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Sex life

Find out how bowel cancer and its treatment can affect your sex life and relationships.

Effects on your sex life

Most people are able to have a normal sex life after having bowel cancer. You will need time to get over surgery, or any other treatment. You should not have sex for at least 6 weeks after major surgery. But there is no reason why chemotherapy or radiotherapy should stop you making love if you feel like it.

Many people do not feel like sex while they are having treatment. Try not to worry about this. Side effects and general tiredness are bound to get in the way. If you have had a colostomy or ileostomy you may also feel self conscious about the change in your body.

Men and women

Surgery to the bowel or back passage (rectum) can affect the nerves to the sex organs. This can cause sexual problems in both men and women. The number of people who have problems is not certain but research suggests over half of people having surgery have some problems. If you have radiotherapy before surgery it raises the risk of having sexual problems after treatment.

Men

A man may not be able to get, or keep, an erection and may have dry orgasms. There are a number of treatments available for erectile problems.

Women

A woman may find that her vagina shrinks slightly and begins to get a bit narrower after radiotherapy for bowel cancer. Regular sex can help to gently stretch the vagina. Or you can use vaginal dilators. Your nurse can give you the dilators and advice on how to use them.

Anal sex

If you have surgery for cancer in your lower rectum, the surgeon will remove all of your rectum and anus (abdomino perineal (AP) resection). If you used to have anal sex, you will no longer be able to. Your surgeon and specialist nurse will talk to you about this before and after your surgery. There will be other ways for you to enjoy a fulfilling sex life. Talking openly about your thoughts and feelings with your partner will help with this.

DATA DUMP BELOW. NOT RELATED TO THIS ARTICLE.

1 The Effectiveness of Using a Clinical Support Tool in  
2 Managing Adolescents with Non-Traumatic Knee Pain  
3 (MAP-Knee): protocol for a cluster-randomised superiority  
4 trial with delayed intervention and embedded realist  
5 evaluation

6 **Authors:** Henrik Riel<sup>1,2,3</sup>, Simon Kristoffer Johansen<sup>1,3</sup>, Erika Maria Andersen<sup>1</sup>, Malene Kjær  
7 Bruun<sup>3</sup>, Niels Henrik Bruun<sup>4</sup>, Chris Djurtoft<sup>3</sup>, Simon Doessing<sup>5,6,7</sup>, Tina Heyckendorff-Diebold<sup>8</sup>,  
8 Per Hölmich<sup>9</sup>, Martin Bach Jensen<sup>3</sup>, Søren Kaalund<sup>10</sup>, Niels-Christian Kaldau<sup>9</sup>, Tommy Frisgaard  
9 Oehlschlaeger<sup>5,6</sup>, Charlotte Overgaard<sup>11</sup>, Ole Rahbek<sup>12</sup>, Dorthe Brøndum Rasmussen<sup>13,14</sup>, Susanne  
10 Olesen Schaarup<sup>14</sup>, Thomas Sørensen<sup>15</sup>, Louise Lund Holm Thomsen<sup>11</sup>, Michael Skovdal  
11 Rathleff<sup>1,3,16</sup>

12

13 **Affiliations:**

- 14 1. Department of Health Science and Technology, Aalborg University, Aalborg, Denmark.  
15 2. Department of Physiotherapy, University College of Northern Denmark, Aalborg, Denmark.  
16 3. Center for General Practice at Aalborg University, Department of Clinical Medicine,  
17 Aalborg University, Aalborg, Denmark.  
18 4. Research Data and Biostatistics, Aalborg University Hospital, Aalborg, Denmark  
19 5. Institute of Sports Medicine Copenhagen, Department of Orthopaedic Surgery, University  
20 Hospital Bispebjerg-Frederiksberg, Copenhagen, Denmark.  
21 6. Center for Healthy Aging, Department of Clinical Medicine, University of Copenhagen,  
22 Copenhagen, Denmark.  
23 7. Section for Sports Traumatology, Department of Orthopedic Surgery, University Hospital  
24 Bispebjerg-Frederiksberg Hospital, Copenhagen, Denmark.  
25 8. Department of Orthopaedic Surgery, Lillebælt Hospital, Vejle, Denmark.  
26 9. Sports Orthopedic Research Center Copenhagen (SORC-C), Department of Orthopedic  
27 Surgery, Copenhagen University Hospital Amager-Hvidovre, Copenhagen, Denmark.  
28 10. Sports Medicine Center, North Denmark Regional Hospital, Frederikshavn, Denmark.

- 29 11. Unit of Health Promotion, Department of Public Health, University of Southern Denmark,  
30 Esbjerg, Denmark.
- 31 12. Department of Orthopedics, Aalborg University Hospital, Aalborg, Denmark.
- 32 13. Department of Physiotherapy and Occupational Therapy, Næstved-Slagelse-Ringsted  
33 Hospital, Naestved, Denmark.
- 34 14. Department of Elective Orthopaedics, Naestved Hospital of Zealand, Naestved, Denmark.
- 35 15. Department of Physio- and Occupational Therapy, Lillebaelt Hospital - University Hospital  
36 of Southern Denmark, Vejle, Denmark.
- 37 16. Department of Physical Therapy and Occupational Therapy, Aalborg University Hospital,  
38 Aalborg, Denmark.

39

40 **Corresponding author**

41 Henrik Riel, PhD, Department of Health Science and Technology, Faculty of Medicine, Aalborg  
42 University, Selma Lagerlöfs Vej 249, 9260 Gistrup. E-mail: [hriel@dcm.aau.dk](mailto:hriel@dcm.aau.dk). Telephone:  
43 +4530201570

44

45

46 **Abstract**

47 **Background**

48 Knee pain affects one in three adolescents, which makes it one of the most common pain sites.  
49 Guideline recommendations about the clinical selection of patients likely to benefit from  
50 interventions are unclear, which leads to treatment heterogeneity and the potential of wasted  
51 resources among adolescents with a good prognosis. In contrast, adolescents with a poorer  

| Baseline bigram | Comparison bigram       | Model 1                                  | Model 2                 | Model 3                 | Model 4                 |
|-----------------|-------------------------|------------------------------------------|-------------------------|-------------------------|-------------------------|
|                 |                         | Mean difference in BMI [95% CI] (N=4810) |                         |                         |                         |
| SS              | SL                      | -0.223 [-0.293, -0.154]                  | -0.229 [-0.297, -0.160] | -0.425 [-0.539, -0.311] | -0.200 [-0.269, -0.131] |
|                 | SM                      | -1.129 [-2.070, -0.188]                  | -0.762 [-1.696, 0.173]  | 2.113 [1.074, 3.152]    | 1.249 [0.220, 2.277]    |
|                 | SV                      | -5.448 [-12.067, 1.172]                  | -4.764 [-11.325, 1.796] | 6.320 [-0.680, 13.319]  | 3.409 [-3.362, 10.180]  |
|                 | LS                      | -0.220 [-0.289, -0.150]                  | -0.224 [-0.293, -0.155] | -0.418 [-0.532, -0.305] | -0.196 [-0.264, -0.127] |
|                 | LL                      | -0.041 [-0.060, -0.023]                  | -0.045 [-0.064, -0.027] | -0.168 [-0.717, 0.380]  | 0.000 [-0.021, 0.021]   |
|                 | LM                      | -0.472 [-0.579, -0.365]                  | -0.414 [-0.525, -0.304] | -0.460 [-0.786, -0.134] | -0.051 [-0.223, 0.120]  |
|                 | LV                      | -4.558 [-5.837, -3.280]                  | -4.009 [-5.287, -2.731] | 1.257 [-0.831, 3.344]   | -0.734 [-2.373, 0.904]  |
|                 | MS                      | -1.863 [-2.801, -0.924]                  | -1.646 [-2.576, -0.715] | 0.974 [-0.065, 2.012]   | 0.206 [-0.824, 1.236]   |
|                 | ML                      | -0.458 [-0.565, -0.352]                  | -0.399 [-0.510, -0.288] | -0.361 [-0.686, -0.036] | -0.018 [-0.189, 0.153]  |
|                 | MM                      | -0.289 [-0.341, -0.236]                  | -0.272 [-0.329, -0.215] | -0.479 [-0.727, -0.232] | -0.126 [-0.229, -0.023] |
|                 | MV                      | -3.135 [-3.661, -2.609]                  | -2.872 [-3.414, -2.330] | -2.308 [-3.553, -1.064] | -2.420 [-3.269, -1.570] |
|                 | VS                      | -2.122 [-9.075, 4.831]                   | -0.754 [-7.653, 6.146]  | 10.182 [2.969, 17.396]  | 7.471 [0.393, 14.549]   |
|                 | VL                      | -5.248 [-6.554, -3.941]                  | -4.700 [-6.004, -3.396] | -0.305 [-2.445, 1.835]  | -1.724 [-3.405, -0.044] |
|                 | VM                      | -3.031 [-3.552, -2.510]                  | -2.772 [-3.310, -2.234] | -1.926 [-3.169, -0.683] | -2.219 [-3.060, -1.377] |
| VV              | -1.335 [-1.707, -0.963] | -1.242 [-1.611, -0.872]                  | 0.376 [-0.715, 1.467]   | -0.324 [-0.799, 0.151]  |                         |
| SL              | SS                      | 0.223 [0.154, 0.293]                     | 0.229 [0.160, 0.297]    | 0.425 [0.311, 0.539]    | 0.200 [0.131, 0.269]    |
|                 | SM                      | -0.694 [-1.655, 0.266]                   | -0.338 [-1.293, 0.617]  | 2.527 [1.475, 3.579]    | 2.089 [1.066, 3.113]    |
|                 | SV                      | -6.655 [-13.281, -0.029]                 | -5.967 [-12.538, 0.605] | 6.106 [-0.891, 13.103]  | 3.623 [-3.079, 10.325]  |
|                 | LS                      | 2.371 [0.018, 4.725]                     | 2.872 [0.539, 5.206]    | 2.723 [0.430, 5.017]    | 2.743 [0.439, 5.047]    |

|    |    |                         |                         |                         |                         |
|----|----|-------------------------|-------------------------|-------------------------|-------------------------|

The effects mentioned here don't affect everyone who has bowel cancer treatment and they may get better over time. Occasionally, the changes can be permanent. You may feel very embarrassed to talk to doctors or nurses about sexual problems. But doctors and nurses deal with these things all the time, so you don't need to feel embarrassed. If you tell them about any problems you have, they can find ways of helping you to deal with them.

Get help

You will probably find that talking things over with your partner can help. It will take time for both of you to come to terms with all that has happened to you. But sharing how you feel can help you to understand each other better.

You may prefer to talk to a specialist counsellor either alone or with your partner if you have one. Your doctor or specialist nurse can put you in touch with a sex therapist if you feel you would like this type of help.

You can call the Cancer Research UK nurses on freephone 0808 800 4040, from 9am to 5pm, Monday to Friday.
Last reviewed: 
30 Sep 2015
  • Physical and psychological effects of treatment on sexual functioning in colorectal cancer survivors
    S Breukink and others
    The Journal of Sexual Medicine 10.S1 (2013): 74-83

  • The prevalence of erectile dysfunction in post‐treatment colorectal cancer patients and their interests in seeking treatment: A cross‐sectional survey in the West Midlands
    R Ellis and others
    The Journal of Sexual Medicine 7.4pt1 (2010): 1488-1496

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